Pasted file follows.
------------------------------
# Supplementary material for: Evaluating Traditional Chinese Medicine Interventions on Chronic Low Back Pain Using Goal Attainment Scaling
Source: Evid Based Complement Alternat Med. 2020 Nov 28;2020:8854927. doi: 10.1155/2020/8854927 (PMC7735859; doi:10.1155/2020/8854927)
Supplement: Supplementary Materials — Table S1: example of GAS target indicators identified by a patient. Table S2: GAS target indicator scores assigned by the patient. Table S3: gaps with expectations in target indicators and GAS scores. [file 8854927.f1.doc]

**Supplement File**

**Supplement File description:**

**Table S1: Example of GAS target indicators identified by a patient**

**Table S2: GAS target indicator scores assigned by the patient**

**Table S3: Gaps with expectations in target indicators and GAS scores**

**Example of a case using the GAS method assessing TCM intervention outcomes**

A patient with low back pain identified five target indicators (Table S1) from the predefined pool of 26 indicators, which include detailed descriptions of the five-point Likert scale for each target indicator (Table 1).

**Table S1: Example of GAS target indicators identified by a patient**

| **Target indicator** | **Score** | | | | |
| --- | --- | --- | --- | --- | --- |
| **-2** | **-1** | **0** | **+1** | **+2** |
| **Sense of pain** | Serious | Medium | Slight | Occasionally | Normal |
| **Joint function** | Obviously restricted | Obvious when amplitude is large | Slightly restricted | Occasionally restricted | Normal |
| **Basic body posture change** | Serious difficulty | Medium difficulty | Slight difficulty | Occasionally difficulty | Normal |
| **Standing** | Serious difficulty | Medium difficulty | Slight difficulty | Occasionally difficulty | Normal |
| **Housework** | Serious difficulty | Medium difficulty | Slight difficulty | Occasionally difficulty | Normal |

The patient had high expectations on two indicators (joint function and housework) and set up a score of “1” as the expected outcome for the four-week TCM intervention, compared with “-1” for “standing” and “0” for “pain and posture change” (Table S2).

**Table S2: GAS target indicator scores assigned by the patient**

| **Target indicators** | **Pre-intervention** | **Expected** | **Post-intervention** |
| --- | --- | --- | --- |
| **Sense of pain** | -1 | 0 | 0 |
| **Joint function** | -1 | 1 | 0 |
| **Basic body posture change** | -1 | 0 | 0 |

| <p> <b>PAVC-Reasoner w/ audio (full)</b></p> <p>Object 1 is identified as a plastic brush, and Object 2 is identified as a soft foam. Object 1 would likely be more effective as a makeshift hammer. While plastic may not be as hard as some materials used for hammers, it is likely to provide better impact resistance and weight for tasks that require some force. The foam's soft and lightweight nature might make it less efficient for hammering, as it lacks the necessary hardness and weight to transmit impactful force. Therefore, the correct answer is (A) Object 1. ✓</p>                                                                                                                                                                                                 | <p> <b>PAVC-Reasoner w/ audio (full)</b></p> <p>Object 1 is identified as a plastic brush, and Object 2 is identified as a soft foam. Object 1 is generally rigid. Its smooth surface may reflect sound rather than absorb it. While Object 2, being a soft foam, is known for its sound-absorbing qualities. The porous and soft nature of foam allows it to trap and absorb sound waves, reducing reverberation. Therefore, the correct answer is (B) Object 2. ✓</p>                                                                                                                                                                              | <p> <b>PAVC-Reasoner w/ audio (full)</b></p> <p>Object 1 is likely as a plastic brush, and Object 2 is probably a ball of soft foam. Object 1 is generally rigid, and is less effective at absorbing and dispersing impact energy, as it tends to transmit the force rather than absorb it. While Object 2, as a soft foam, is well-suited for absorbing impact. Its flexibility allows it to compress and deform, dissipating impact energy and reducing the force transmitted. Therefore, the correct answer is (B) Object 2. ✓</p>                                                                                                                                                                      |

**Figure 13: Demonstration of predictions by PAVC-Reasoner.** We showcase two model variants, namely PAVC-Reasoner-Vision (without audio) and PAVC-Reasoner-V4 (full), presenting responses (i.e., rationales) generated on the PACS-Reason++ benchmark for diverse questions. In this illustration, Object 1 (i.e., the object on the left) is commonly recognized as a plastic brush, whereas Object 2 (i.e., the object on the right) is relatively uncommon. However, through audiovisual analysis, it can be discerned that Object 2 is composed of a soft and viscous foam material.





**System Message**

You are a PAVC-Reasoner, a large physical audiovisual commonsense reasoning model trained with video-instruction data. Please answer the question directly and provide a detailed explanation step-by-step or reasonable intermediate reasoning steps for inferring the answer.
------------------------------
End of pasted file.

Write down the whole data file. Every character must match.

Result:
# Supplementary material for: Evaluating Traditional Chinese Medicine Interventions on Chronic Low Back Pain Using Goal Attainment Scaling
Source: Evid Based Complement Alternat Med. 2020 Nov 28;2020:8854927. doi: 10.1155/2020/8854927 (PMC7735859; doi:10.1155/2020/8854927)
Supplement: Supplementary Materials — Table S1: example of GAS target indicators identified by a patient. Table S2: GAS target indicator scores assigned by the patient. Table S3: gaps with expectations in target indicators and GAS scores. [file 8854927.f1.doc]

**Supplement File**

**Supplement File description:**

**Table S1: Example of GAS target indicators identified by a patient**

**Table S2: GAS target indicator scores assigned by the patient**

**Table S3: Gaps with expectations in target indicators and GAS scores**

**Example of a case using the GAS method assessing TCM intervention outcomes**

A patient with low back pain identified five target indicators (Table S1) from the predefined pool of 26 indicators, which include detailed descriptions of the five-point Likert scale for each target indicator (Table 1).

**Table S1: Example of GAS target indicators identified by a patient**

| **Target indicator** | **Score** | | | | |
| --- | --- | --- | --- | --- | --- |
| **-2** | **-1** | **0** | **+1** | **+2** |
| **Sense of pain** | Serious | Medium | Slight | Occasionally | Normal |
| **Joint function** | Obviously restricted | Obvious when amplitude is large | Slightly restricted | Occasionally restricted | Normal |
| **Basic body posture change** | Serious difficulty | Medium difficulty | Slight difficulty | Occasionally difficulty | Normal |
| **Standing** | Serious difficulty | Medium difficulty | Slight difficulty | Occasionally difficulty | Normal |
| **Housework** | Serious difficulty | Medium difficulty | Slight difficulty | Occasionally difficulty | Normal |

The patient had high expectations on two indicators (joint function and housework) and set up a score of “1” as the expected outcome for the four-week TCM intervention, compared with “-1” for “standing” and “0” for “pain and posture change” (Table S2).

**Table S2: GAS target indicator scores assigned by the patient**

| **Target indicators** | **Pre-intervention** | **Expected** | **Post-intervention** |
| --- | --- | --- | --- |
| **Sense of pain** | -1 | 0 | 0 |
| **Joint function** | -1 | 1 | 0 |
| **Basic body posture change** | -1 | 0 | 0 |

| <p> <b>PAVC-Reasoner w/ audio (full)</b></p> <p>Object 1 is identified as a plastic brush, and Object 2 is identified as a soft foam. Object 1 would likely be more effective as a makeshift hammer. While plastic may not be as hard as some materials used for hammers, it is likely to provide better impact resistance and weight for tasks that require some force. The foam's soft and lightweight nature might make it less efficient for hammering, as it lacks the necessary hardness and weight to transmit impactful force. Therefore, the correct answer is (A) Object 1. ✓</p>                                                                                                                                                                                                 | <p> <b>PAVC-Reasoner w/ audio (full)</b></p> <p>Object 1 is identified as a plastic brush, and Object 2 is identified as a soft foam. Object 1 is generally rigid. Its smooth surface may reflect sound rather than absorb it. While Object 2, being a soft foam, is known for its sound-absorbing qualities. The porous and soft nature of foam allows it to trap and absorb sound waves, reducing reverberation. Therefore, the correct answer is (B) Object 2. ✓</p>                                                                                                                                                                              | <p> <b>PAVC-Reasoner w/ audio (full)</b></p> <p>Object 1 is likely as a plastic brush, and Object 2 is probably a ball of soft foam. Object 1 is generally rigid, and is less effective at absorbing and dispersing impact energy, as it tends to transmit the force rather than absorb it. While Object 2, as a soft foam, is well-suited for absorbing impact. Its flexibility allows it to compress and deform, dissipating impact energy and reducing the force transmitted. Therefore, the correct answer is (B) Object 2. ✓</p>                                                                                                                                                                      |

**Figure 13: Demonstration of predictions by PAVC-Reasoner.** We showcase two model variants, namely PAVC-Reasoner-Vision (without audio) and PAVC-Reasoner-V4 (full), presenting responses (i.e., rationales) generated on the PACS-Reason++ benchmark for diverse questions. In this illustration, Object 1 (i.e., the object on the left) is commonly recognized as a plastic brush, whereas Object 2 (i.e., the object on the right) is relatively uncommon. However, through audiovisual analysis, it can be discerned that Object 2 is composed of a soft and viscous foam material.





**System Message**

You are a PAVC-Reasoner, a large physical audiovisual commonsense reasoning model trained with video-instruction data. Please answer the question directly and provide a detailed explanation step-by-step or reasonable intermediate reasoning steps for inferring the answer.